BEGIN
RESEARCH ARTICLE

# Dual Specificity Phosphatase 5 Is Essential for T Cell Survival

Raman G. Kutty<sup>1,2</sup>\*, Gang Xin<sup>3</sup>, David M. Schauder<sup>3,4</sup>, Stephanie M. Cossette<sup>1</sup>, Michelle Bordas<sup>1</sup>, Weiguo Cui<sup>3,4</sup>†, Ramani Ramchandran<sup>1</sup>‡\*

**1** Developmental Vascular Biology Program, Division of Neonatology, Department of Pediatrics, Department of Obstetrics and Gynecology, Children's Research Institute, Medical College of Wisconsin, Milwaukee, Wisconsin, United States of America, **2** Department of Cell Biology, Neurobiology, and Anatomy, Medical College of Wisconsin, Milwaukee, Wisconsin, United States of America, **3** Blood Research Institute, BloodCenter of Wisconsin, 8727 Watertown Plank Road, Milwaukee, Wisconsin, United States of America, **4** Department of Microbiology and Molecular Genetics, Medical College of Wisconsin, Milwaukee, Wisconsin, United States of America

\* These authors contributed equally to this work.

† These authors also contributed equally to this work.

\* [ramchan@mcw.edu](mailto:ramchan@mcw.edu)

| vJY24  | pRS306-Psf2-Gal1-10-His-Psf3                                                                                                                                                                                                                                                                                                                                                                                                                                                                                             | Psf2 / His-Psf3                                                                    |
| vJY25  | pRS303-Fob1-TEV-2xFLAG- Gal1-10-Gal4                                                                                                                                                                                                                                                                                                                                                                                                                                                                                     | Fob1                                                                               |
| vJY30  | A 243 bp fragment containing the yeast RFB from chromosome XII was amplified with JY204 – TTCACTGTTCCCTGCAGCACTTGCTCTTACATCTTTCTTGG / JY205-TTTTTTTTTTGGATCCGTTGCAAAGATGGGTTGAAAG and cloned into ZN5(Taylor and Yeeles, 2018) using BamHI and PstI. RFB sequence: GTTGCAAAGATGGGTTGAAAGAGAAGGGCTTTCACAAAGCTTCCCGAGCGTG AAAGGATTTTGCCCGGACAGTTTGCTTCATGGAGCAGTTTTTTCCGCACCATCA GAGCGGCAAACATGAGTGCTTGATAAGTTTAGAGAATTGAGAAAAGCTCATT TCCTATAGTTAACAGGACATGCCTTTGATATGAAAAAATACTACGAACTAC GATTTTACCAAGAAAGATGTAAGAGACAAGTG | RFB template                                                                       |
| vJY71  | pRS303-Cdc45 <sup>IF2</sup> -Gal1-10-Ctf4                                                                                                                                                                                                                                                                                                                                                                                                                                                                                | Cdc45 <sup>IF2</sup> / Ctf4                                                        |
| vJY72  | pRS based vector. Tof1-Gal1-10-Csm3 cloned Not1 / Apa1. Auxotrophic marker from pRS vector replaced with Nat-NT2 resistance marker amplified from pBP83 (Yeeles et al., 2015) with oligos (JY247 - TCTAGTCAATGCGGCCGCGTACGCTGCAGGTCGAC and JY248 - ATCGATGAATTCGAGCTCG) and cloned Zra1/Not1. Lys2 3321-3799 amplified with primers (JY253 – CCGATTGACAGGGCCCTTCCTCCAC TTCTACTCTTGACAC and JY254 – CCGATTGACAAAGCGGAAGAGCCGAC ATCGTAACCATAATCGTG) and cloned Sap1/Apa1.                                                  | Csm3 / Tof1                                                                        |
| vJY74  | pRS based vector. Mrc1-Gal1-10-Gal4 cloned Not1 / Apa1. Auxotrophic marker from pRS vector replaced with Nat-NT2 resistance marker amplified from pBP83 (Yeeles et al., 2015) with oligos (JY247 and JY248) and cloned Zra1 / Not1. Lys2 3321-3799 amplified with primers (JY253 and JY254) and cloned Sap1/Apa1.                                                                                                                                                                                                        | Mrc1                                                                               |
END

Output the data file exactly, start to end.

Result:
RESEARCH ARTICLE

# Dual Specificity Phosphatase 5 Is Essential for T Cell Survival

Raman G. Kutty<sup>1,2</sup>\*, Gang Xin<sup>3</sup>, David M. Schauder<sup>3,4</sup>, Stephanie M. Cossette<sup>1</sup>, Michelle Bordas<sup>1</sup>, Weiguo Cui<sup>3,4</sup>†, Ramani Ramchandran<sup>1</sup>‡\*

**1** Developmental Vascular Biology Program, Division of Neonatology, Department of Pediatrics, Department of Obstetrics and Gynecology, Children's Research Institute, Medical College of Wisconsin, Milwaukee, Wisconsin, United States of America, **2** Department of Cell Biology, Neurobiology, and Anatomy, Medical College of Wisconsin, Milwaukee, Wisconsin, United States of America, **3** Blood Research Institute, BloodCenter of Wisconsin, 8727 Watertown Plank Road, Milwaukee, Wisconsin, United States of America, **4** Department of Microbiology and Molecular Genetics, Medical College of Wisconsin, Milwaukee, Wisconsin, United States of America

\* These authors contributed equally to this work.

† These authors also contributed equally to this work.

\* [ramchan@mcw.edu](mailto:ramchan@mcw.edu)

| vJY24  | pRS306-Psf2-Gal1-10-His-Psf3                                                                                                                                                                                                                                                                                                                                                                                                                                                                                             | Psf2 / His-Psf3                                                                    |
| vJY25  | pRS303-Fob1-TEV-2xFLAG- Gal1-10-Gal4                                                                                                                                                                                                                                                                                                                                                                                                                                                                                     | Fob1                                                                               |
| vJY30  | A 243 bp fragment containing the yeast RFB from chromosome XII was amplified with JY204 – TTCACTGTTCCCTGCAGCACTTGCTCTTACATCTTTCTTGG / JY205-TTTTTTTTTTGGATCCGTTGCAAAGATGGGTTGAAAG and cloned into ZN5(Taylor and Yeeles, 2018) using BamHI and PstI. RFB sequence: GTTGCAAAGATGGGTTGAAAGAGAAGGGCTTTCACAAAGCTTCCCGAGCGTG AAAGGATTTTGCCCGGACAGTTTGCTTCATGGAGCAGTTTTTTCCGCACCATCA GAGCGGCAAACATGAGTGCTTGATAAGTTTAGAGAATTGAGAAAAGCTCATT TCCTATAGTTAACAGGACATGCCTTTGATATGAAAAAATACTACGAACTAC GATTTTACCAAGAAAGATGTAAGAGACAAGTG | RFB template                                                                       |
| vJY71  | pRS303-Cdc45 <sup>IF2</sup> -Gal1-10-Ctf4                                                                                                                                                                                                                                                                                                                                                                                                                                                                                | Cdc45 <sup>IF2</sup> / Ctf4                                                        |
| vJY72  | pRS based vector. Tof1-Gal1-10-Csm3 cloned Not1 / Apa1. Auxotrophic marker from pRS vector replaced with Nat-NT2 resistance marker amplified from pBP83 (Yeeles et al., 2015) with oligos (JY247 - TCTAGTCAATGCGGCCGCGTACGCTGCAGGTCGAC and JY248 - ATCGATGAATTCGAGCTCG) and cloned Zra1/Not1. Lys2 3321-3799 amplified with primers (JY253 – CCGATTGACAGGGCCCTTCCTCCAC TTCTACTCTTGACAC and JY254 – CCGATTGACAAAGCGGAAGAGCCGAC ATCGTAACCATAATCGTG) and cloned Sap1/Apa1.                                                  | Csm3 / Tof1                                                                        |
| vJY74  | pRS based vector. Mrc1-Gal1-10-Gal4 cloned Not1 / Apa1. Auxotrophic marker from pRS vector replaced with Nat-NT2 resistance marker amplified from pBP83 (Yeeles et al., 2015) with oligos (JY247 and JY248) and cloned Zra1 / Not1. Lys2 3321-3799 amplified with primers (JY253 and JY254) and cloned Sap1/Apa1.                                                                                                                                                                                                        | Mrc1                                                                               |